Both presentations described the Semantic technologies that were used to improve the quality of fiscal data of Greek Municipalities and National Strategic Reference Framework of Greece and the data mining techniques that were implemented to extract useful information from these data. Finally, we collaborated with the Journalists’ Union of Macedonia & Thrace  (esiemth) and the Media Informatics Lab of the School of Journalism & Mass Media Communication (Aristotle University of Thessaloniki) in April to organize a two-day Data Journalism Hackathon, entitled “Hackathon Data Journalism: Red Flags in NSRF Programs”, addressing journalists and journalism students. In this framework, OK Greece launched its new Red Flags online application. The Red Flags application uses data from anapyxi.gov.gr, the official website of the Greek Ministry of Development and Competitiveness, which provides detailed information on the implementation process of the National Strategic Reference Framework (NSRF) projects, analysing all data available for potential “red flags”. Journalists, who participated in the hackathon, worked in paired groups, investigating possible “red flags” in different NSRF projects. They had the opportunity to conduct a journalistic investigation for some ten days before they present their outcomes on the second day of the hackathon.

Forthcoming

  • Collaboration with Open Knowledge International on Frictionless Data project. We will be  developing a set of tools, standards, and best practices built in open source programming language.
  • Session in Re:publica, regarding Open Data, transparency and technical tools to better understand the world we live in.
The forthcoming months are expected to be fruitful in events and collaborations as well. Τhe GitHub Open Knowledge Greece is strongly active, and other initiatives are commencing with the aim of attracting new members into the open knowledge community. In addition, the chapter endeavours to attain funding from additional research and innovation projects, as there are not fixed incomes and most activities are currently performed on a voluntary basis. Finally, OK Greece has launched a new promotional activity, sending a weekly newsletter to its subscribers, so that all people interested in our vision and activities can join our mailing list.  To read more about Open Knowledge Greece visit their website. Learn more about the Open Knowledge Network by visiting the Open Knowledge International website.  

Network update from OK Japan: Corporate transparency and taxpayers’ money ahead of the 2020 Tokyo Olympics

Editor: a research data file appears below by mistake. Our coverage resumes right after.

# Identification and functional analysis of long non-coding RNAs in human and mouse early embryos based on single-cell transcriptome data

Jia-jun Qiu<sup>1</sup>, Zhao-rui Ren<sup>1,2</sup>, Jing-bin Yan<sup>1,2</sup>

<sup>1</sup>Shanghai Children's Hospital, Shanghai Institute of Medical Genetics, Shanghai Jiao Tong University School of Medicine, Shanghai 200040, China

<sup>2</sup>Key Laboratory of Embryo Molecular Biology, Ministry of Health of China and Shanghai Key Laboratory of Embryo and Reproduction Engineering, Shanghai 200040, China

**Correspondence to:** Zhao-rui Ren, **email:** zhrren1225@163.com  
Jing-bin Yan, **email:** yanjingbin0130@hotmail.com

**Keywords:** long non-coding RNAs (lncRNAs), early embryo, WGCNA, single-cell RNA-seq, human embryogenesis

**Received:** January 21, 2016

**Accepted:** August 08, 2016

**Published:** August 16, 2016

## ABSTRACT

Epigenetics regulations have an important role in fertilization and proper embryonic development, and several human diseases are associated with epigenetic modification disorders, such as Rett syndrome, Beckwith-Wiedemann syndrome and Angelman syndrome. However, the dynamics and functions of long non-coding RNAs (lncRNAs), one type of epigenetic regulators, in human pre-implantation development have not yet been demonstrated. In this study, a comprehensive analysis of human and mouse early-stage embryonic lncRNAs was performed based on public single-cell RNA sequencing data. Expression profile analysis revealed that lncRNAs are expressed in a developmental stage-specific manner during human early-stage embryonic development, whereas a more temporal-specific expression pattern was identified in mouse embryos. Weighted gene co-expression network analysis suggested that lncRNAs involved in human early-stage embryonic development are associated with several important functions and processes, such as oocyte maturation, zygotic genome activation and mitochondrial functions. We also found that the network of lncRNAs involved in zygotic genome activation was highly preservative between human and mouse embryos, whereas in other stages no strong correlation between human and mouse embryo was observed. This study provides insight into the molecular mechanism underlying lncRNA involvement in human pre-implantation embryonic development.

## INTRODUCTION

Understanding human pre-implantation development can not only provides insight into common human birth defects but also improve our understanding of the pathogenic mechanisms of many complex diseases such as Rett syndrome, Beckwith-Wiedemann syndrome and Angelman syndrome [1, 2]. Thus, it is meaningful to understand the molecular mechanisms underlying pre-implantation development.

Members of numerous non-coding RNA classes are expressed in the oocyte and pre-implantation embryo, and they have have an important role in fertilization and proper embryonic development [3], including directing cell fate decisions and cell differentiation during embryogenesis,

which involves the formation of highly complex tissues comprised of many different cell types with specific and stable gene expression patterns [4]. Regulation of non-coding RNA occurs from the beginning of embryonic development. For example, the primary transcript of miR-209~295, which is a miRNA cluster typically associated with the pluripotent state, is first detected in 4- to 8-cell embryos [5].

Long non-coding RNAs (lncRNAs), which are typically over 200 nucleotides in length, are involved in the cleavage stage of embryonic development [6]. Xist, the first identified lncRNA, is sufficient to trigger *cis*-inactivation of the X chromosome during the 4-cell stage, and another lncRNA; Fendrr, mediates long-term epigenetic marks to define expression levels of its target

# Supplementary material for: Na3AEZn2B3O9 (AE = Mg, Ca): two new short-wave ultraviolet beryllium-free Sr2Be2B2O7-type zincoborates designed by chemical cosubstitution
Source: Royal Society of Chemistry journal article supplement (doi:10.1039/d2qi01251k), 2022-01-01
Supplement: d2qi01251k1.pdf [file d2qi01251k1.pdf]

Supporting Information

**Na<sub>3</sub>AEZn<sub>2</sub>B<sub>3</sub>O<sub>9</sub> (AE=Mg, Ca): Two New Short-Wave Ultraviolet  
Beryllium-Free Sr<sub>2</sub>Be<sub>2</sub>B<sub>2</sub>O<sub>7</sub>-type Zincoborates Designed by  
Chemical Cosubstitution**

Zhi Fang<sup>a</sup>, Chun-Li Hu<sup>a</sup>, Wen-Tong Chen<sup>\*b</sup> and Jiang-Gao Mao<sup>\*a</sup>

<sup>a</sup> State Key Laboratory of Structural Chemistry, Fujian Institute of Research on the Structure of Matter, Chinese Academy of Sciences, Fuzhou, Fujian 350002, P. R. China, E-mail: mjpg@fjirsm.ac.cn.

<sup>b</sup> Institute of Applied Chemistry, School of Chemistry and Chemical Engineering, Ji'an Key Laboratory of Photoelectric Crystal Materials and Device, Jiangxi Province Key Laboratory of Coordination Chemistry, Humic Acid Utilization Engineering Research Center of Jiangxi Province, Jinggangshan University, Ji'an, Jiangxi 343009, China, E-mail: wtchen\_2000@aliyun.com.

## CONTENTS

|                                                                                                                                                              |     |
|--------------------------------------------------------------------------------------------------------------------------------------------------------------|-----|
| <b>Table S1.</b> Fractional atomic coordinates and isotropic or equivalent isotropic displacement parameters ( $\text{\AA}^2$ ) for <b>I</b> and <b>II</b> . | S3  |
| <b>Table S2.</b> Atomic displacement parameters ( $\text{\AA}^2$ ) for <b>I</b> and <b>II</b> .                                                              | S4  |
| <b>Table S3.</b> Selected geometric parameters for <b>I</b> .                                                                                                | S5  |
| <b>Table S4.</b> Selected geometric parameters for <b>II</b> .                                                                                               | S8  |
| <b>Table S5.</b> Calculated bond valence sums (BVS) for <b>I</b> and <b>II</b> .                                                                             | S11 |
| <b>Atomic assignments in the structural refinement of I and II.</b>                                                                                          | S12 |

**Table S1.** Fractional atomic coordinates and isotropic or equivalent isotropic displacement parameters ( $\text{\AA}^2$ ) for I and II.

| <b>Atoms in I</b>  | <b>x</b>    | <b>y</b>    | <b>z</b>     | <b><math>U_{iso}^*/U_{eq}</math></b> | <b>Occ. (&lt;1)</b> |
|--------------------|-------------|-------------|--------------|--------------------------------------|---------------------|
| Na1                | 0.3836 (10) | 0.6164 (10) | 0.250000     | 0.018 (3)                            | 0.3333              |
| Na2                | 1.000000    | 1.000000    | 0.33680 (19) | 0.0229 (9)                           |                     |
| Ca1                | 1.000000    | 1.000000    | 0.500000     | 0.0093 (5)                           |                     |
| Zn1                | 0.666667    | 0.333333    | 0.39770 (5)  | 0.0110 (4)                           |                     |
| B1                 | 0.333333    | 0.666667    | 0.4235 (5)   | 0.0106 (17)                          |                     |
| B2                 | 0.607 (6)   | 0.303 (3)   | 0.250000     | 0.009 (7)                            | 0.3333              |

- January 19, 2017 in Chapters, Chapters updates, godi, japan, network, OK Japan, Open Spending

This blog post is part of our on-going Network series featuring updates from chapters across the Open Knowledge Network and was written by the Open Knowledge Japan team. The OK Japan chapter has been active in the open data space in activities such as the promotion of open data use and policy discussions. Since we formed the team in 2012, our members have been instrumental in promoting International Open Data Day in Japan and OpenSpending/ Where Does My Money Go. We published use cases and other notable developments in the space through our blog. Our members also took part in many different government boards, advised or worked with municipalities and departments on open data implementation. Below is some news about us and open data developments in Japan.

Transparency discussed

Late October, Open Knowledge Japan has co-organized, with OpenCorporates Japan an event discussing corporate ID and transparency issues, including the Panama Papers. The keynote talk was given by Chris Taggart, CEO and founder of OpenCorporates, who was visiting Tokyo that time.

okjapanChris Taggart and Japanese experts discussing transparency issues in Tokyo

Work meeting held for Global Open Data Census

We hosted an informal meeting inviting key government officials to work on the Global Open Data Census. The Census scores and Japan’s ranking have been discussed in the open data policy circle.

Relevance of open knowledge for Japan

Aside from what we did lately, there are recent news reports that make open knowledge issues very relevant in the country. Related to the 2020 Tokyo Olympics, we have been learning about many allegations of shady processes. For example, some large sums of tax money reported going from our government to an unnamed “consultant” so that Tokyo could become the host city for the 2020 Olympics. Tokyo has also been involved in other transparency issues – the governor resigned this year after criticisms related to his spending and lack of clear explanations on those, and was given a vote of no-confidence. The new governor uncovered additional problems with the ongoing project of relocating the Tsukiji market, the largest fish market in Tokyo, including potential underground water contamination.

tokyo_tower_special_lightup_invitation_for_2020_olympic_games_on_march_2013Image Credit: Tokyo Tower Special Lightup <Invitation for 2020 Olympic Games> (Shibakouen, Tokyo, Japan) (CC BY)

In the early part of 2017, we will be working towards International Open Data Day 2017. Japan has been one of the most active countries in terms of the number of localities participating in IODD in the past few years (with more than 60 cities participating in 2016!). Some of the issues we will be discussing through this and other occasions include the above-mentioned data plans that the national and prefectural governments will create, as well wider use of Open Spending Next that some of our members have started learning.